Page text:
snake oil or cure all?

From Information is Beautiful. Larger circles indicate popular supplements. Y-axis indicates clinical evidence of evidence. Higher is better.


Written by fabiorojas

July 26, 2011 at 2:47 am

21 Responses

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  1. Thought provoking visualization, though the use of circles on a scale-less X-axis does not appeal to my sensibilities at all. It appears that spending is essentially randomly distributed with respect to effectiveness, but without any kind of metric, it’s hard to say.



    July 26, 2011 at 2:39 pm

  2. Oh, Great! I can now exclude vitamin A, copper and methionine from my diet entirely and concentrate a lot on green tea. I would, of course, die if I did this, but I’d at least be obeying this super cool chart!




    July 27, 2011 at 12:31 pm

  3. […] From Information is Beautiful. Larger circles indicate popular supplements. Y-axis indicates clinical evidence of evidence. Higher is better. via […]


  4. NEAL JUNK… You’d die if you didn’t take those? I don’t take any of those and I’m the image of health. WHAT GIVES?!


    Teh Kao

    July 27, 2011 at 2:35 pm

  5. Misleading junk, there is little evidence that probiotic supplements offer anything more than the mildest boost in digestive health. Vitamin A, E, C, Copper and various amino acids listed are necessary to live. There is far stronger evidence that vitamin C cures scurvy than there is that cinnamon would possibly cure diabetes.
    –That said, I just checked the actual source and it’s been massively updated


    Major Groove

    July 27, 2011 at 4:02 pm

  6. Some of the ones listed as “strong” – Cranberry juice to prevent UTIs, vitamin D to prevent cancer – are from what I’ve seen vastly overblown, if not completely bunk.



    July 27, 2011 at 4:13 pm

  7. It’s too bad that they don’t plot these based on effect sizes and heterogeneity separately.

    The way I read their explanation, it sounds like their evidence rating (from 1, low, to 6, high) is mostly about the consistency of the evidence, rather than the strength of the effect.


    Lukas Neville

    July 27, 2011 at 7:31 pm

  8. I don’t see “garlic” – it promotes loneliness.



    Frank Cseh

    July 27, 2011 at 8:31 pm

  9. […] is Beautiful via Orgtheory jQuery(function($) { var o = $('div#showHideCommentsWrapper'); var s = […]


  10. @ Neal Junk and Major Groove

    I thought the point was specifically geared toward dietary supplements, like vitamin pills. The chart doesn’t say to cut Vitamin A, Vitamin C, copper, etc from your diet, but rather that taking supplements (vitamin pills) has little effect on your health, because the normal adult diet typically gives you what you need of these vitamins and minerals already.


    Scott Dolan

    July 28, 2011 at 3:17 am

  11. […] snake oil or cure all? « This entry was posted in Society. Bookmark the permalink. ← Fake Apple Store in Kunming, China […]


  12. Neal and Major;
    Worth reading the subtitle “…when take orally by an adult with a healthy diet” before posting.



    July 28, 2011 at 11:18 am

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  14. […] Check out this infographic that essentially summarizes the scientific evidence for a number of popular dietary supplements (via […]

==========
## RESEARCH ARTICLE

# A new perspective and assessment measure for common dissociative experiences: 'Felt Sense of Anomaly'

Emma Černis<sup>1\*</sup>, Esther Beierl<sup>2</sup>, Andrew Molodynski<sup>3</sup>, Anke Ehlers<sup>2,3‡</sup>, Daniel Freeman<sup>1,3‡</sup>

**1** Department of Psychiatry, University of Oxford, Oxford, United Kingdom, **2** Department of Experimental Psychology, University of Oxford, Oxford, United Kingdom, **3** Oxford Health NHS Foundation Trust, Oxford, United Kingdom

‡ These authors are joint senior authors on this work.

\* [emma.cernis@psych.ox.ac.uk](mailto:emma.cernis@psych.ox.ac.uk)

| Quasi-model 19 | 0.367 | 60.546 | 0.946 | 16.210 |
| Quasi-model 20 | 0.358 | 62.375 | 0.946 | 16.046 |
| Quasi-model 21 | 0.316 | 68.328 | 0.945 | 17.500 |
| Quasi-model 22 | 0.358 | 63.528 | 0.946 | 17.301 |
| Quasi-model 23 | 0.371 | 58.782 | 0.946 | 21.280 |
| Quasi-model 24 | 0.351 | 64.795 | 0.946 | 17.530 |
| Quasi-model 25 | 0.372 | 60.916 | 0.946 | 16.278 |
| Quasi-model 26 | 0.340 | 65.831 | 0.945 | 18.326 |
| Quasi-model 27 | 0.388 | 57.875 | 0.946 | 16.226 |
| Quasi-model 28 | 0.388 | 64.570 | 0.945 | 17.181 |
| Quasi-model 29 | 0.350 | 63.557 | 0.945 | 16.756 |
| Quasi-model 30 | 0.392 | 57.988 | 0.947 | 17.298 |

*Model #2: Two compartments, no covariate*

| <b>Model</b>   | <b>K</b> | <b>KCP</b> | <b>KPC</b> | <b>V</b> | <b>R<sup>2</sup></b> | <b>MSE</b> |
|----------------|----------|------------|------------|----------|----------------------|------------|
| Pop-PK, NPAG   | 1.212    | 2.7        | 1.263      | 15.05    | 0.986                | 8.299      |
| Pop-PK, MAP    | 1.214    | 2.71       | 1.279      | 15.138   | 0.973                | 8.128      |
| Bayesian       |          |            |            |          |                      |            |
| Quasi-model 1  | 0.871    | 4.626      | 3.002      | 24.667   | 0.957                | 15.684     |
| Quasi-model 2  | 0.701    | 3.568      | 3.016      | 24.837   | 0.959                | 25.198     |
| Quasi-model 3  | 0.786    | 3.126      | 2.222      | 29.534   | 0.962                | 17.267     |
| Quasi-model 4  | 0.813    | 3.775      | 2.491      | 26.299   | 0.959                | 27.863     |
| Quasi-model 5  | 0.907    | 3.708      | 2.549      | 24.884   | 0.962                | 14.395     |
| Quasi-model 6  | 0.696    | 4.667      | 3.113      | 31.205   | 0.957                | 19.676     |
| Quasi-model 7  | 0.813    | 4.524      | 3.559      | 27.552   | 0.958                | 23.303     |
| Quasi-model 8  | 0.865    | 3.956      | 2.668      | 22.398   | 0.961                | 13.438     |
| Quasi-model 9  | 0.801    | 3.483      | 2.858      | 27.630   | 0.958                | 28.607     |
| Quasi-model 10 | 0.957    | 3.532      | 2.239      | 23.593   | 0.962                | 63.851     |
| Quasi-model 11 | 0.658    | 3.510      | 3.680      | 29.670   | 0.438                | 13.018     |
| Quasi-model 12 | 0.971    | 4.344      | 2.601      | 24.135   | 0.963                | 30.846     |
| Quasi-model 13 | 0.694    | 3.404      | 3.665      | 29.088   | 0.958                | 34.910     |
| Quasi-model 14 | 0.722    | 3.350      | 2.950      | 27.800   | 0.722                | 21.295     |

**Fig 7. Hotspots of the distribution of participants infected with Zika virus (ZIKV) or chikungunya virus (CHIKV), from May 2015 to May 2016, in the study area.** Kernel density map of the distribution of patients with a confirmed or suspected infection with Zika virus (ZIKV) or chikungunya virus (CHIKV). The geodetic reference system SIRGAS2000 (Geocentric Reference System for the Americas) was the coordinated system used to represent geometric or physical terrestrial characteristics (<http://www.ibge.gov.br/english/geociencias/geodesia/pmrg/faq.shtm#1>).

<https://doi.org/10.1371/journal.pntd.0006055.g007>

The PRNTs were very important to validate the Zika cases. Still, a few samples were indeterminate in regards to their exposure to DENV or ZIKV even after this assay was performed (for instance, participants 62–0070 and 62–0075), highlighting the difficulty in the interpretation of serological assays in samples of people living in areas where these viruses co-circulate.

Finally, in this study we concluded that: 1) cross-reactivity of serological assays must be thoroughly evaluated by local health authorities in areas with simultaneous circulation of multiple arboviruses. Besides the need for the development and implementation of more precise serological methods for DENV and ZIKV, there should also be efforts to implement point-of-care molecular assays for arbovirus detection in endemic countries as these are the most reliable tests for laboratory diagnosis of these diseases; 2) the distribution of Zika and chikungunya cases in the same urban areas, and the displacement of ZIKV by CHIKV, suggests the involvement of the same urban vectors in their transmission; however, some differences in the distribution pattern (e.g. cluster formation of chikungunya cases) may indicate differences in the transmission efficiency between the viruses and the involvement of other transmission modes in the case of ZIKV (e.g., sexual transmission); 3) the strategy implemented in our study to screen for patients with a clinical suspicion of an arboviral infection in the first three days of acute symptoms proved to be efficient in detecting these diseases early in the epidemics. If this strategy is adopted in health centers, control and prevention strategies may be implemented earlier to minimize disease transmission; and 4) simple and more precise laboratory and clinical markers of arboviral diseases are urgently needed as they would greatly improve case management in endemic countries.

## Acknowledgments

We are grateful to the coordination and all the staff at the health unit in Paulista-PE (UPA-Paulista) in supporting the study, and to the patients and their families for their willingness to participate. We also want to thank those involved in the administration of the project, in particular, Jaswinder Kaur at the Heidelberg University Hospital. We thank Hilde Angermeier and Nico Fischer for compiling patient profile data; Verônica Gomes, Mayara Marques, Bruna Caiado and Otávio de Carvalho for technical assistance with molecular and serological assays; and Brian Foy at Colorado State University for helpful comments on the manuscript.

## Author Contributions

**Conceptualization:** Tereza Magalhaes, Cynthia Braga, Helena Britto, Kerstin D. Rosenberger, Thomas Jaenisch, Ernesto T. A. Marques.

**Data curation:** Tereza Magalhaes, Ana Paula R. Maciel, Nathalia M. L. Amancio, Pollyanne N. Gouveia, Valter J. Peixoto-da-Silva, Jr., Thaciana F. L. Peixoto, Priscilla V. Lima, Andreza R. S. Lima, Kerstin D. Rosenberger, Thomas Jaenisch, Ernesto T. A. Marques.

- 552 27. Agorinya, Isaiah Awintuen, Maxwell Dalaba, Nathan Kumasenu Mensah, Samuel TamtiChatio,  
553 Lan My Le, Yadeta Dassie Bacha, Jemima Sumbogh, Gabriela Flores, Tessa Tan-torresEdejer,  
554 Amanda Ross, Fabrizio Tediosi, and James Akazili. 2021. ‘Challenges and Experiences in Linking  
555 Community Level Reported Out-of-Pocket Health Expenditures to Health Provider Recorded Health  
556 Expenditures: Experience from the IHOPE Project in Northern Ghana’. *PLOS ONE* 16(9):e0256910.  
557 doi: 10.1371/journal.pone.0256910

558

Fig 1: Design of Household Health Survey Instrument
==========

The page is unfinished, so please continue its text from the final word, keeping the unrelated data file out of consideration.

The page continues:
15. Now I know why my intuition needs some education, especially in neurology.
    I have been taking supplements for 43 years, and look younger every day.



    sri gong

    July 31, 2011 at 3:23 pm

  16. Can anyone see fluoride on the list? Seems it should be on top for distribution and right down the bottom for effectiveness, even below the line since it causes disease!



    August 1, 2011 at 12:32 pm

  17. […] dietary supplements are proven to work and which are not? This graphic shows the evidence. Good: folic acid, green tea, probiotics. Not so good: akai, beta carotene, […]


  18. Well, perhaps there is little evidence of the benefits of magnesium, potassium, and CoQ10 in HEALTHY adults, which they have not specified in this chart, but in patients who suffer from heart failure, and take the corresponding Rx meds, these supplements are crucial.

    If they are going to take the time to trash the benefits of these products, then they should, at least, specify that their findings relate to healthy, and not chronic-care patients.

    It is irresponsible not to do so.


    As If!

    August 15, 2011 at 2:36 am

  19. I’m sorry that your information about Selenium is so vastly outdated: you cannot take it orally and expect any results. Only genuine Lunar Selenium garnered through a careful regimen of moon-bathing will suffice.


    Stark Dickflüssig

    August 15, 2011 at 4:44 am

  20. It’s an interesting chart. I would like to see another that doesn’t try to differentiate between “healthy adults” and treatments for certain conditions (maybe the various conditions could radiate outward?). The line is a bit blurry here — do you really need to improve your blood pressure or treat pain/IBS/depression if you’re already “healthy”?

    In the proposed graph, I’d say Vitamin C belongs a bit higher — if you read through the studies dosage is important and it appears to be very useful for certain situations at certain dosages, and I think it’s being dragged down here by low-dose studies of testing fairly silly things, like whether it prevents cancer at 100mg a day in healthy adults.

    I couldn’t find CoQ10, which I believe is in the top 5 of supplements taken. But maybe I’m just missing it because I need more tyrosine :)



    August 15, 2011 at 5:38 pm

  21. […] The top post of 2011 was snake oil or cure all? […]


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